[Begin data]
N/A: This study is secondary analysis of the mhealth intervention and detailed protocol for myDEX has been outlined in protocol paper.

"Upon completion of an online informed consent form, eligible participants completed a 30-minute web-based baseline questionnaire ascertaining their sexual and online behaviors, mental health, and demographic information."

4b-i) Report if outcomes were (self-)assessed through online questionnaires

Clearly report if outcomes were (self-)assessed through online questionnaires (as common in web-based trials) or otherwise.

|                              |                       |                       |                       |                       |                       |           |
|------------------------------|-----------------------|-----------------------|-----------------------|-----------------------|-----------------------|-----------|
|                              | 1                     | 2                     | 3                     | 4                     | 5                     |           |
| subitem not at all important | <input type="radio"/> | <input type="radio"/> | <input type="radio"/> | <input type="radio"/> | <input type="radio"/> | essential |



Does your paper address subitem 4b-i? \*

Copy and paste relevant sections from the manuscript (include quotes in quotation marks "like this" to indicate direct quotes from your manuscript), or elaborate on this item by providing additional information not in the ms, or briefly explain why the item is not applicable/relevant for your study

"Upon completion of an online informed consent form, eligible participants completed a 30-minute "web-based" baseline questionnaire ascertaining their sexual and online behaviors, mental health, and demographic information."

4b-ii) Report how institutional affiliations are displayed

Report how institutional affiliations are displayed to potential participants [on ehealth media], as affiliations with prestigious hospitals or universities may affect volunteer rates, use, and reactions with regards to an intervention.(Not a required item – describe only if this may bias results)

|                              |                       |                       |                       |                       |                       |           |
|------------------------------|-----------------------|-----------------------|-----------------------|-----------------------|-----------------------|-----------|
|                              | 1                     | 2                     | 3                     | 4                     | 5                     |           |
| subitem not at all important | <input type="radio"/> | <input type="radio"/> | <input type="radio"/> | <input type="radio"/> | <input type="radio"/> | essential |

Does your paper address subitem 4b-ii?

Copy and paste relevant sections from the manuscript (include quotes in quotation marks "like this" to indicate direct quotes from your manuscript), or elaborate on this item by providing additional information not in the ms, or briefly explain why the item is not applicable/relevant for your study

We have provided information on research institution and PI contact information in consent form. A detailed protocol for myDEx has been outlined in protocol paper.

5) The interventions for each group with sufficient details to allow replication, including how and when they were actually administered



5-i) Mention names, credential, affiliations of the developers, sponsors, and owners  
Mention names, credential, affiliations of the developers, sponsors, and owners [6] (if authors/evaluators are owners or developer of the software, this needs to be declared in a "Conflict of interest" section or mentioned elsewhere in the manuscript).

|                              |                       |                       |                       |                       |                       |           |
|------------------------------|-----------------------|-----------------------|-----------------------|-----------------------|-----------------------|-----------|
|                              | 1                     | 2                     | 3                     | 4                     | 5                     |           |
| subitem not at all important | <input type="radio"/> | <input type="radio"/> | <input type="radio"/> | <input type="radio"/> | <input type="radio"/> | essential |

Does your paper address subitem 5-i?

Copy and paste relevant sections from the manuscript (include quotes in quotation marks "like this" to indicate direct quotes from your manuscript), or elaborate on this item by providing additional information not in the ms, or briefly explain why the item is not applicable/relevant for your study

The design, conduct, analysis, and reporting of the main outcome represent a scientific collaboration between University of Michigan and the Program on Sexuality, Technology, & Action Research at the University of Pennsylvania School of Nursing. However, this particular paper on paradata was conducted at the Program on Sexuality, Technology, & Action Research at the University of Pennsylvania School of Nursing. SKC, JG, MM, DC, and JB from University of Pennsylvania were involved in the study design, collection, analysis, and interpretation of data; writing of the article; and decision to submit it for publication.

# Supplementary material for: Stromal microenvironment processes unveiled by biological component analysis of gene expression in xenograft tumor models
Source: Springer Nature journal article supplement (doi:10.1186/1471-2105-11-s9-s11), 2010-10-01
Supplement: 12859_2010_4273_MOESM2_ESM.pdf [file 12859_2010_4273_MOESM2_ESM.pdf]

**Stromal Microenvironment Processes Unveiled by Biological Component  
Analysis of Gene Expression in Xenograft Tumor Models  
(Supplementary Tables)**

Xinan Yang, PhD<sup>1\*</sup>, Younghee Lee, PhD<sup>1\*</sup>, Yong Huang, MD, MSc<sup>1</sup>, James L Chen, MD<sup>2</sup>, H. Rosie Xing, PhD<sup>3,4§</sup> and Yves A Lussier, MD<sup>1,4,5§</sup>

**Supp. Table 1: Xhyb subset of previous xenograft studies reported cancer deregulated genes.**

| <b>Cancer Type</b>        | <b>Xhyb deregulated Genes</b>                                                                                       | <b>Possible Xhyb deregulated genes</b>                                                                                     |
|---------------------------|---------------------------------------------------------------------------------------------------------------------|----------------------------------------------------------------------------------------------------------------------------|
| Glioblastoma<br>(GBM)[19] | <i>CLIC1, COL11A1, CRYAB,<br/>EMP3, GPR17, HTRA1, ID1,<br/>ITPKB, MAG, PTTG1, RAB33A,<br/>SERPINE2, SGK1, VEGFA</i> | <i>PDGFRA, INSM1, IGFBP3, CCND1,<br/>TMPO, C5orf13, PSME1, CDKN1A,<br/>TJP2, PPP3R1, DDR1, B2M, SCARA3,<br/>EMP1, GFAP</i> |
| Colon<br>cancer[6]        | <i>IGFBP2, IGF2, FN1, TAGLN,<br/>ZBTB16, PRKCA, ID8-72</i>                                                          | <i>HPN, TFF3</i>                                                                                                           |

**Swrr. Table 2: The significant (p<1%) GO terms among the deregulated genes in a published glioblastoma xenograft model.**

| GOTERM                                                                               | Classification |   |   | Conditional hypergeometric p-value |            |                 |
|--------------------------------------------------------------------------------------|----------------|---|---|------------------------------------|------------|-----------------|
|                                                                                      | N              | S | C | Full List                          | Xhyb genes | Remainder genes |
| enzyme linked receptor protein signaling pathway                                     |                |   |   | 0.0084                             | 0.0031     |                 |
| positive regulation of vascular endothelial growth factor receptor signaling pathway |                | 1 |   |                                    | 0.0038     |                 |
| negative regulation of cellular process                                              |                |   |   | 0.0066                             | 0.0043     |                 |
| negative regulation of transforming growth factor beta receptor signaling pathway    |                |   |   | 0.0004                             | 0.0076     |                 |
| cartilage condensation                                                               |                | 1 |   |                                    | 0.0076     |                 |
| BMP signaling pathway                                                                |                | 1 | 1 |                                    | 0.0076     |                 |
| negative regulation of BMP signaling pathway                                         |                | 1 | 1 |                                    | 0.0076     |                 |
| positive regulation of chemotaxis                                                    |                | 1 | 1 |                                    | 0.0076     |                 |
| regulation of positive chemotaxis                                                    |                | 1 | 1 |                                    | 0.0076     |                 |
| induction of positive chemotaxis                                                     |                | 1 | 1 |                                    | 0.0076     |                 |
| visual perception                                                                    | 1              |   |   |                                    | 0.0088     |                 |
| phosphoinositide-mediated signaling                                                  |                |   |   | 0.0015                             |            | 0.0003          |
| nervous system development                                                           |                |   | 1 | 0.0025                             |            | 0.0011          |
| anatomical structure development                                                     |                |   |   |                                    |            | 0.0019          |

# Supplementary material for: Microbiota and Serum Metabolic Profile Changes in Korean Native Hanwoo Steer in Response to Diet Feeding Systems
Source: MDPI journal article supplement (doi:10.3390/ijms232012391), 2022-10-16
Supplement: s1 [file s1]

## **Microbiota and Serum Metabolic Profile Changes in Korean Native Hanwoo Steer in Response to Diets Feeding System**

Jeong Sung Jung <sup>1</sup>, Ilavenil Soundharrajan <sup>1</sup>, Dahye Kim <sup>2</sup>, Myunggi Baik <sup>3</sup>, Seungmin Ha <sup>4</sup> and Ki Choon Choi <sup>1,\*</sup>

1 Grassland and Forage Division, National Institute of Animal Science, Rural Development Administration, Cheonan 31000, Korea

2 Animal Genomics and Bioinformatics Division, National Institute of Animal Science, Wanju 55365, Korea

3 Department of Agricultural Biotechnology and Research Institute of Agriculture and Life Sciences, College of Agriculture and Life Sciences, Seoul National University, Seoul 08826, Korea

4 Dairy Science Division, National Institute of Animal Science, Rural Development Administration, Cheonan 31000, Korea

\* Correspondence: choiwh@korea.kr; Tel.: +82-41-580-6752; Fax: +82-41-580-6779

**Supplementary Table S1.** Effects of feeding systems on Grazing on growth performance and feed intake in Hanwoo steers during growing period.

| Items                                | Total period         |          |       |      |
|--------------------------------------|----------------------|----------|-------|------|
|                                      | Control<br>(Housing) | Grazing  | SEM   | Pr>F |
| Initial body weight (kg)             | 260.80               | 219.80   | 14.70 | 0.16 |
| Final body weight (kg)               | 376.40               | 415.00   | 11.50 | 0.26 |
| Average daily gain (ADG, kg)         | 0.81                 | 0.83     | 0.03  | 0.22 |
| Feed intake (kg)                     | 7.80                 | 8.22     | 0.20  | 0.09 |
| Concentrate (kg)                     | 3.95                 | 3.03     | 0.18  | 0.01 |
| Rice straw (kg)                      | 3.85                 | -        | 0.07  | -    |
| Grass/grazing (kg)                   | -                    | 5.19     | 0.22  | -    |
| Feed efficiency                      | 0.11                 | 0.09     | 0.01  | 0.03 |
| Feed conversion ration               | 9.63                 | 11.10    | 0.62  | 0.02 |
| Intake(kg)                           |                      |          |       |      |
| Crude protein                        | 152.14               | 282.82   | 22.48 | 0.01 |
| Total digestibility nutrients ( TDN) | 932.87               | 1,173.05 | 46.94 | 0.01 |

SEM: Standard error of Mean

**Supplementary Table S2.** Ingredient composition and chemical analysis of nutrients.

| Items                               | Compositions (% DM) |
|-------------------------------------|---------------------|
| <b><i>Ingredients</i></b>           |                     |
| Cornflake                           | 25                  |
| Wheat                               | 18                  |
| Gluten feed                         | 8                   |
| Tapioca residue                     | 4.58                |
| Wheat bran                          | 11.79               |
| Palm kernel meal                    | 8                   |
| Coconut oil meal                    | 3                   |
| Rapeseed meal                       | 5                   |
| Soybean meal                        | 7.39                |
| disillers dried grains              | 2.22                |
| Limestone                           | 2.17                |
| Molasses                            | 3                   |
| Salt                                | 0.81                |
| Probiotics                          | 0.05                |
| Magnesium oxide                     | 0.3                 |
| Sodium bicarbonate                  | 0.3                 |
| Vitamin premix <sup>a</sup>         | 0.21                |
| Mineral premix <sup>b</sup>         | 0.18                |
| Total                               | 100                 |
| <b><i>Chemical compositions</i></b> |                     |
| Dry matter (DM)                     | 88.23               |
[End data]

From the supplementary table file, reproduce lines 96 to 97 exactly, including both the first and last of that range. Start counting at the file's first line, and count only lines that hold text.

| Wheat bran                          | 11.79               |
| Palm kernel meal                    | 8                   |